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What’s Next for the Golden Grain?
11/04/2010 12:01 am EST
By Jim Barrett of Lind-Waldock
It's been a golden time for the golden grain. Corn has rallied more than 60% this year and rose to a two-year high above $5.90 a bushel in early trading on Monday, November 1. While the market closed lower on the day, I don't think corn's bullish trend is quite over yet. There has been a good deal of speculation that the USDA's next official crop estimate (out November 9) will be lowered further after it was trimmed back in October.
A sharp move in wheat offered inspiration for a move in corn off its July lows. Wheat was rocked out of complacency about US stock levels by terrible weather in the old Soviet Union. Record summer heat and fires created some big price spikes.
The rally in corn gained steam even as wheat faded, from a spectacular spike up to $8.60 a bushel this summer as hot and especially dry weather in the US eastern cornbelt got end users nervous and speculators excited. A curveball was thrown at early bulls in the surprise September 1 stocks report, which caused a nasty spike down.
However, the damage presented an opportunity for the bulls as the market quickly traced out a major double bottom and lifted strongly before the considerably more important September production report. The bulls had it right, and a major gap resulted after the USDA dropped yield projections by an unprecedented six bushels per acre.
Unlike wheat, the corn market so far has not rejected highs in a major way. The downside gap has not been filled, and with the next monthly crop report due in a week's time, it's possible it might not be—at least not anytime soon. You can see the gap on the chart below.
We've seen near-record open interest and record speculative holdings in corn. Swings have been dominated by outside markets as much as any particular news related to corn. The market has traded in a normal fashion in that higher starts tend to fizzle out and fall back, and lower starts get bought, even though recently, exports have softened a bit. Action in the US dollar and gold (especially in overnight trading) is whipping price action in corn around, but I think the key underlying bullish structure is intact at this point.
Skeptics wonder who is left to buy as bullish fundamentals are clearly well known and end users have gone a long way to cover long-term needs. The key thing to monitor from a technical perspective is whether retracement levels continue to hold.
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Long positions initiated against definable retracement areas have been successful, while lunging on higher opens has clearly not been. A low close since the gap up occurred October 18, which acted as a stress turning point in the short term (the bulls backed off wondering whether or not the market wanted to fill the gap, and bears pressed on thinking it would). We can use this point to analyze action since then. You can see the 50% retracement (in black) and the 61.8% retracement (in red) on the 90-minute corn chart below.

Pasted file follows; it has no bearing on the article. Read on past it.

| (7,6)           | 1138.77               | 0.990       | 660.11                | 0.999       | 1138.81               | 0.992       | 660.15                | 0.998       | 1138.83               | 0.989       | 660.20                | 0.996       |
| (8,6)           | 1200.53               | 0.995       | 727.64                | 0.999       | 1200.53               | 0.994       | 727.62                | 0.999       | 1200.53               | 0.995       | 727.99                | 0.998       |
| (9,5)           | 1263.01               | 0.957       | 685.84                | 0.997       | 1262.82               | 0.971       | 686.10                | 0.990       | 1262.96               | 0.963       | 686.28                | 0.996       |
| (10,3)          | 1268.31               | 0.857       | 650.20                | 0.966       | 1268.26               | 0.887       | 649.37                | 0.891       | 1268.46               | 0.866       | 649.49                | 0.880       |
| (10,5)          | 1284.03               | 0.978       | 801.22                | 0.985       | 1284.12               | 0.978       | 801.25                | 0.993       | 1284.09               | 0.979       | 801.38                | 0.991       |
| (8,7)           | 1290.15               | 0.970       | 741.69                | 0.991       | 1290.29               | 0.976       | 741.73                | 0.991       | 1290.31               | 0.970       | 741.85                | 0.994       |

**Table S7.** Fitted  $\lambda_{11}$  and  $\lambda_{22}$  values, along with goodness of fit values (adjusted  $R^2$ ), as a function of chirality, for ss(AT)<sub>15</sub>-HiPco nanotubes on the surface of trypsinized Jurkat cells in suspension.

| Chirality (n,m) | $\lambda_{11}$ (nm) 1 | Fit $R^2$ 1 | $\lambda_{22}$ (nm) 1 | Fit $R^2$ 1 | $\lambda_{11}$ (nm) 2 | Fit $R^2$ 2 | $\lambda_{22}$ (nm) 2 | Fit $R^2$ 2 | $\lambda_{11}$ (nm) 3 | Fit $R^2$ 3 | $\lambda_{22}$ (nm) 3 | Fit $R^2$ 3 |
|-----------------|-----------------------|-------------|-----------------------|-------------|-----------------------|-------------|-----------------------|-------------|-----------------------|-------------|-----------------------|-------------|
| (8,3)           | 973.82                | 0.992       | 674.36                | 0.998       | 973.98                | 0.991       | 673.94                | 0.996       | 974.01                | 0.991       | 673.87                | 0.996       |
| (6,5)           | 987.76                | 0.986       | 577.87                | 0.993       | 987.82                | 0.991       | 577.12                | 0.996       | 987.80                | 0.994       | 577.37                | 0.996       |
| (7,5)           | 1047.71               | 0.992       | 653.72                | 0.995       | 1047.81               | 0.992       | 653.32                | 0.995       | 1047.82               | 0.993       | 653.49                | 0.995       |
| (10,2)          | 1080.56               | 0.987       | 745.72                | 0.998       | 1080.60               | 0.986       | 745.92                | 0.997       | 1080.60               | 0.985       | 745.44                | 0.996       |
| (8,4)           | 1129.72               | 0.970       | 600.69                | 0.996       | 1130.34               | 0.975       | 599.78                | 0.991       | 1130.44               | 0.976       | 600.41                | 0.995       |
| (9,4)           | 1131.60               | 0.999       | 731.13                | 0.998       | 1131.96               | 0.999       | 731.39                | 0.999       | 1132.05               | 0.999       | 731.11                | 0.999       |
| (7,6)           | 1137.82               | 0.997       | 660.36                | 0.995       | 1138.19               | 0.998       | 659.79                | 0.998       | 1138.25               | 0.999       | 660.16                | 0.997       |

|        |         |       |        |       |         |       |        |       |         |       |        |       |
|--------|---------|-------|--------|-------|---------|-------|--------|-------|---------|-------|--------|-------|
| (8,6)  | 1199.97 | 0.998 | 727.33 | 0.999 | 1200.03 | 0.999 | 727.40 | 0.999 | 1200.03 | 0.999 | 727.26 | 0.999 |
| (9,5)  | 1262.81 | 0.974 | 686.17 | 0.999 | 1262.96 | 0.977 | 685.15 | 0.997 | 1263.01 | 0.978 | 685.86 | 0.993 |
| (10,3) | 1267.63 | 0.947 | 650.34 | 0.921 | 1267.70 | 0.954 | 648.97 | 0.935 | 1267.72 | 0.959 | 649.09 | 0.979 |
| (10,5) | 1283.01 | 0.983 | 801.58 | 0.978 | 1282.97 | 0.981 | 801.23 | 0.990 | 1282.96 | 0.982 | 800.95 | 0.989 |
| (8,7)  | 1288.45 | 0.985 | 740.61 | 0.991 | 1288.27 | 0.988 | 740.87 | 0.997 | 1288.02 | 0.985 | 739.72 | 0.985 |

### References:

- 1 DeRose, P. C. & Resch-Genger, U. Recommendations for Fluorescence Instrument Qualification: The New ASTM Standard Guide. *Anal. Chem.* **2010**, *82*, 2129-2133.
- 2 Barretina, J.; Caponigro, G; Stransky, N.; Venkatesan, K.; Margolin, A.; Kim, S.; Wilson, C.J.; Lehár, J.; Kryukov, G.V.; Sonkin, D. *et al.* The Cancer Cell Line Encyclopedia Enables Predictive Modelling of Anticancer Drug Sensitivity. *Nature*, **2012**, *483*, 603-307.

The last two trading sessions, in which support tested and held and the market pushed to new highs but then corrected are micro examples of behavior during the last few weeks and are likely to be repeated in the next few weeks. However, progress in recent days has been somewhat spotty. The market has grinded higher, but new highs on Sunday night and in the November 1 session had the rug pulled from underneath as the market closed lower that day. Failure to build gains further this week will likely mean the market is still in a normal trading range, which could be the case until November 9.
Remember, we are not running out of corn quickly—or at all. However, the market needs to ration relatively tight supplies and can best do so with the type of elevated ranges we have now. The market also must fight for acres with soybeans next spring, and therefore, it’s likely to hold most of its gains as long as bean exports remain strong. Remember, the government has also given green light to more ethanol, and so an extended period up at these elevated price levels seems very likely. The danger for shorts is made perfectly clear by example of other agricultural markets with tight world carryovers, namely cotton and sugar.
The major adjustment has probably occurred already, and a further grind higher is certainly possible or even likely into 2011. However, I don't see an upward explosion likely. So watch where you choose to enter the market. Please feel free to call me if you have any questions about this market or others, and to develop a customized trade strategy for your unique goals and risk tolerance.
By Jim Barrett of Lind-WaldockJim Barrett is a senior market strategist with Lind-Waldock. He can be reached at 866-419-7698 or via e-mail at firstname.lastname@example.org.
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